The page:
US ban on temporary work visas for Filipinos: What’s behind the move?

January 23, 2019 - 4:51 PM
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US temporary work visa ban Interaksyon
The United States cited the growing number of human trafficking cases in the Philippines as the reason for the one-year temporary work ban. (Artwork by Uela Altar-Badayos)
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The United States’ ban on temporary work visas to the Philippines due to overstaying of victims of human trafficking brings to light the severity of the crime in the country.

The US Department of Homeland Security announced that the country is no longer eligible to visas for temporary non-agricultural jobs (H-2B) and temporary agricultural jobs (H-2A) on foreign workers starting from January 19, 2019 to January 18, 2020.

The agency cited the large number of T-nonimmigrant visas or T-visas, a type of visa given to victims of human trafficking who seek refuge on foreign land, issued by the US Embassy in Manila as the reason for the ineligibility.

It explained that these migrants were initially issued with H-2B visas but eventually were given T-visas in the US.

“DHS and Department of State are concerned about the high volume of trafficking victims from the Philippines who were originally issued H-2B visas and the potential that continued H-2B visa issuance may encourage or serve as an avenue for future human trafficking from the Philippines,” the DHS said.

A T-nonimmigrant status allows victims of “a severe form of trafficking” to stay in the US for four years. A severe form of trafficking under US federal law may either be sex trafficking or labor trafficking.

According to the agency, the US Embassy in Manila issued approximately 40 percent of the total T-visas worldwide from 2014 to 2016.

Sixty percent of these have been identified as victims of trafficking to the US through H-2B visas.

Aside from the Philippines, the Dominican Republic and Ethiopia were also deemed ineligible for temporary working visas by the US.

Filipino victims of trafficking

A significant portion of migrant Filipino workers, particularly those in Middle East and in Asia, are victims of trafficking, the Trafficking in Persons report for 2018 stated.

The number of Filipino victims across the world is difficult to determine.

Such crime is also rampant in many places in the country, the report said.

Sex trafficking was found prevalent in the following places, Boracay Island, Angeles City in Pampanga, Olongapo in Zambales and in the provinces of Puerto Galera and Surigao.

Forced labor, begging and domestic servitude meanwhile were found in many parts of Metro Manila, urban areas of Mindanao and Cebu, and in central and northern Luzon.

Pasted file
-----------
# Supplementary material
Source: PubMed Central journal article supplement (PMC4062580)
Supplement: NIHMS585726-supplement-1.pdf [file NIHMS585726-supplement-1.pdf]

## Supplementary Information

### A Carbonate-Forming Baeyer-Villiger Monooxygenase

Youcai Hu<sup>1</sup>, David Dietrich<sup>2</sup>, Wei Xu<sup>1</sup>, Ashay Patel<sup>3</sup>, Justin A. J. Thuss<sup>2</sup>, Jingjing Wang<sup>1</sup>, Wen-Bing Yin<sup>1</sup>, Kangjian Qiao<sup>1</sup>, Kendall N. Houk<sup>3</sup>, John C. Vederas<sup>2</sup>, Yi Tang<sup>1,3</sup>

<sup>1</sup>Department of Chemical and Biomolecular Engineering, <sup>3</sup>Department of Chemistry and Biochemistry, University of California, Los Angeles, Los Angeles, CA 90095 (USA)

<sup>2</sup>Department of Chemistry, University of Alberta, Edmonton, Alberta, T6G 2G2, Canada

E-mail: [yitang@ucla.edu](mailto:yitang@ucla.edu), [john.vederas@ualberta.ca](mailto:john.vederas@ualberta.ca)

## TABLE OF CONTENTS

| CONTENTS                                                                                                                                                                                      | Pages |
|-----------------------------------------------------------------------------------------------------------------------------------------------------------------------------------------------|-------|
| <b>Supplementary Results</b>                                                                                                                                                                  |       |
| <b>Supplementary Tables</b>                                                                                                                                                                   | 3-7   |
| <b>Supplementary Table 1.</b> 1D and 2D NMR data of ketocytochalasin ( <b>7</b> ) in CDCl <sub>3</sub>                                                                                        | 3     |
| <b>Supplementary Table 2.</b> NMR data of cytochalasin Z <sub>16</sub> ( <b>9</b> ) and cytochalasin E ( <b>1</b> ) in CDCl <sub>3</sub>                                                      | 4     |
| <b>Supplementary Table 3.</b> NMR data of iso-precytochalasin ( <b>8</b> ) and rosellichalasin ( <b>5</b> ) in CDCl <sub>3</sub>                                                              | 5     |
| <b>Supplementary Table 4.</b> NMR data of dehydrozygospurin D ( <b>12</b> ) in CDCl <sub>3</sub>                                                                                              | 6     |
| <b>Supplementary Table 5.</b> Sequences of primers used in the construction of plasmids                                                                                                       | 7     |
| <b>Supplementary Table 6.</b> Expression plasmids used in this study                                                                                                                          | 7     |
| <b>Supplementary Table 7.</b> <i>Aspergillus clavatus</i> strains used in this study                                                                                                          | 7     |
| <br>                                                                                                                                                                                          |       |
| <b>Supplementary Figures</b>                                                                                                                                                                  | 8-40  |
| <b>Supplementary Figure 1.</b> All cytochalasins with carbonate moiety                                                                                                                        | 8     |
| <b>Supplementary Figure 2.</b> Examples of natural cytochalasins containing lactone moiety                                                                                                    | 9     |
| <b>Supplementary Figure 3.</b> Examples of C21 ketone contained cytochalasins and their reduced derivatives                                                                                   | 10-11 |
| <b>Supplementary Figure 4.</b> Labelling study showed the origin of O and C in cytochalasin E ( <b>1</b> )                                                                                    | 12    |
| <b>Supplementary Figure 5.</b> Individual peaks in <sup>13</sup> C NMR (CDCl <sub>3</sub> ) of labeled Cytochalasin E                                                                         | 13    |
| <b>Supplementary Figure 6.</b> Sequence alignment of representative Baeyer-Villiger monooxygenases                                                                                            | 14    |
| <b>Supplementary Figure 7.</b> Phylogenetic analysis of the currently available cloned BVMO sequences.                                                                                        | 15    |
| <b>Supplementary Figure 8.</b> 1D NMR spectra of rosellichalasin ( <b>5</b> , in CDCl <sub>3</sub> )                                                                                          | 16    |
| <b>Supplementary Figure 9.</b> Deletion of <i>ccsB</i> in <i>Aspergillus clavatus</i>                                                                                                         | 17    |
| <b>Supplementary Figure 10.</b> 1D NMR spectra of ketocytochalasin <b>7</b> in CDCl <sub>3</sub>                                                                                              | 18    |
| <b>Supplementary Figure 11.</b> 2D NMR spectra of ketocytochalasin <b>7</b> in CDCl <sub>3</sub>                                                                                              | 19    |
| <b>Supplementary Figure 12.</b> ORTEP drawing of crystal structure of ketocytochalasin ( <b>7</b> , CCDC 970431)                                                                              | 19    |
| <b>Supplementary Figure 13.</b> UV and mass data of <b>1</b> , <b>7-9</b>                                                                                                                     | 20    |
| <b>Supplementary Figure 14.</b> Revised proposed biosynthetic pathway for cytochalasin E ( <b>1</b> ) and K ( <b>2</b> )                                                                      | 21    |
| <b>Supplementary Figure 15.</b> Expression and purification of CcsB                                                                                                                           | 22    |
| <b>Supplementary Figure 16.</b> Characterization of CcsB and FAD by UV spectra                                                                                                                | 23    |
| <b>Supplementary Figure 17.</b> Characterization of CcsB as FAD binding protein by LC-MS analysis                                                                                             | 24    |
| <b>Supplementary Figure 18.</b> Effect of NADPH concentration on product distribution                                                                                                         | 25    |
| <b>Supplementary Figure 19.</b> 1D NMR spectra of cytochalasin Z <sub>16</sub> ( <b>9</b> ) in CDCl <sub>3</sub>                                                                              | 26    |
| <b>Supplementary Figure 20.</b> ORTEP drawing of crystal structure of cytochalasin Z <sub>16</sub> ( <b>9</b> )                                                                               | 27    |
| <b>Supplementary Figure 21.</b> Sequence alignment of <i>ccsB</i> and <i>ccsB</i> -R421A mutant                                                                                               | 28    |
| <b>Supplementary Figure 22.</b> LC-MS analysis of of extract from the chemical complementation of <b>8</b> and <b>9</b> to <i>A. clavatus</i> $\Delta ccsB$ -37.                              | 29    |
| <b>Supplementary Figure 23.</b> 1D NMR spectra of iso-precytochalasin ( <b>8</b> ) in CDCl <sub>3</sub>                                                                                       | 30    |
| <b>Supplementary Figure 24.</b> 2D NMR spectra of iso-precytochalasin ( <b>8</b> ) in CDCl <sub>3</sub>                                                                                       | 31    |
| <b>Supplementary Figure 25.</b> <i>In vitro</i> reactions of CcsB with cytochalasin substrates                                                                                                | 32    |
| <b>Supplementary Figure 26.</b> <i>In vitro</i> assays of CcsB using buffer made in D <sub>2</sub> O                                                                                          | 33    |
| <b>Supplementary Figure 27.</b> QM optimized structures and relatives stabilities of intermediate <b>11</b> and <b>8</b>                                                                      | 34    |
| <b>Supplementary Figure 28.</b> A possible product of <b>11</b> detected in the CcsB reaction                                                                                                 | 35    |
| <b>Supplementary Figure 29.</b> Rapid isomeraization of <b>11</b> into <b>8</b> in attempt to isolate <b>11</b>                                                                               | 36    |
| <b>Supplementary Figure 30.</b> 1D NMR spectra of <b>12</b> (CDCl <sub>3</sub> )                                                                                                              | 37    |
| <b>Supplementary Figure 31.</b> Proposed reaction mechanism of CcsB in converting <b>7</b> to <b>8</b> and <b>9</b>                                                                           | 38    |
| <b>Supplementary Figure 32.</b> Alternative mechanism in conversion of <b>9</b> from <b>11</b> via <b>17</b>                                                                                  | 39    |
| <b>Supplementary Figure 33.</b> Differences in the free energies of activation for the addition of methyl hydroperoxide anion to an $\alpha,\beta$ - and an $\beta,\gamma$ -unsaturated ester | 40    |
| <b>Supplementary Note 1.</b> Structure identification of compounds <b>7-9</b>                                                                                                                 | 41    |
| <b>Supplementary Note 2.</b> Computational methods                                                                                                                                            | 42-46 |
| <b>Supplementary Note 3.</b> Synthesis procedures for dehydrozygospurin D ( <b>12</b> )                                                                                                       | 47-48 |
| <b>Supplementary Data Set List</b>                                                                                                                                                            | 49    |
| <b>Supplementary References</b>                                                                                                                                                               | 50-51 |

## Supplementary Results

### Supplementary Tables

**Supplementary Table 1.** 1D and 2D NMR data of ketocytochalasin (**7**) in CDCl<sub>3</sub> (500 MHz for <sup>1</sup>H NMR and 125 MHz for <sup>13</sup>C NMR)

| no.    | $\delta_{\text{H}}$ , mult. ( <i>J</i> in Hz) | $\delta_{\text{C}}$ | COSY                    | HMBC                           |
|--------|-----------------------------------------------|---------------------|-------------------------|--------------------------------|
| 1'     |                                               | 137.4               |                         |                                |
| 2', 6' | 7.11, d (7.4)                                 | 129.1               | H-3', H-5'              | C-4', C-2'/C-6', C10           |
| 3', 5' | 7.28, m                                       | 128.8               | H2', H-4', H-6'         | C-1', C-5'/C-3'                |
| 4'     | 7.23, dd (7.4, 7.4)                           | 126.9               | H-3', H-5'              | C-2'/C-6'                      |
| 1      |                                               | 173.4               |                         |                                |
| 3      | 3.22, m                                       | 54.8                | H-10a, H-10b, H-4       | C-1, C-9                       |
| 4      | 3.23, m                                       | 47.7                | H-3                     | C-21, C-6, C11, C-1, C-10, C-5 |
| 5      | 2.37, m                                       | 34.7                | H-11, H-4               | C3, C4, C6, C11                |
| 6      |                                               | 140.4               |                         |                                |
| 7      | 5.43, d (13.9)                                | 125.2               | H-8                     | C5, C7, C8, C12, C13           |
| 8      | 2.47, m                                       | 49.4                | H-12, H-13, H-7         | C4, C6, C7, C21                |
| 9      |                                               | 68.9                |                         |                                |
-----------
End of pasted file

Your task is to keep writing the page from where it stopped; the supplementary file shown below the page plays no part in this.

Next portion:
Law enforcers identified 1,839 potential victims, wherein 1,422 were women and 410 were children.

Meanwhile, the Department of Social Welfare and Development reported 1,659 potential victims.

“Women and children from indigenous communities and remote areas of the Philippines are the most vulnerable to sex trafficking, and some are vulnerable to domestic servitude and other forms of forced labor. Men are subjected to forced labor and debt bondage in the agricultural, fishing, and maritime industries,” the report said.

Since 2015, the Philippines still remains on Tier 1 in the ranking of the United States for countries’ compliance to its Trafficking Victims Protection Act.

Being on Tier 1 means the government complies with the TVPA’s “minimum standards.”

The TVPA is the measure of the Western ally to combat human trafficking.

Despite the status, the Philippines still behind in many areas for the victims’ protection and prosecution of traffickers.

Any form of trafficking is supposed to be prohibited under Republic Act 10364 or the Expanded Anti-Trafficking in Persons Act of 2012.

It covers recruiting, transporting and harboring Filipinos “under the pretext of domestic or overseas employment or training or apprenticeship, for the purpose of prostitution, pornography, or sexual exploitation.”

It also prohibits using marriage, adoption, organized tours and recruitment of Filipinos, particularly children, for exploitative purposes.

Appeal to remove the ban

Presidential spokesperson Salvador Panelo said that the government will make an appeal for the United States to reconsider its decision.

“What we can do first is we need to know whether there is basis for their decision. If we can see that there is none, then we will ask for a reconsideration—but that’s the job again as I said of Department of Foreign Affairs and the United States ambassador,” he said.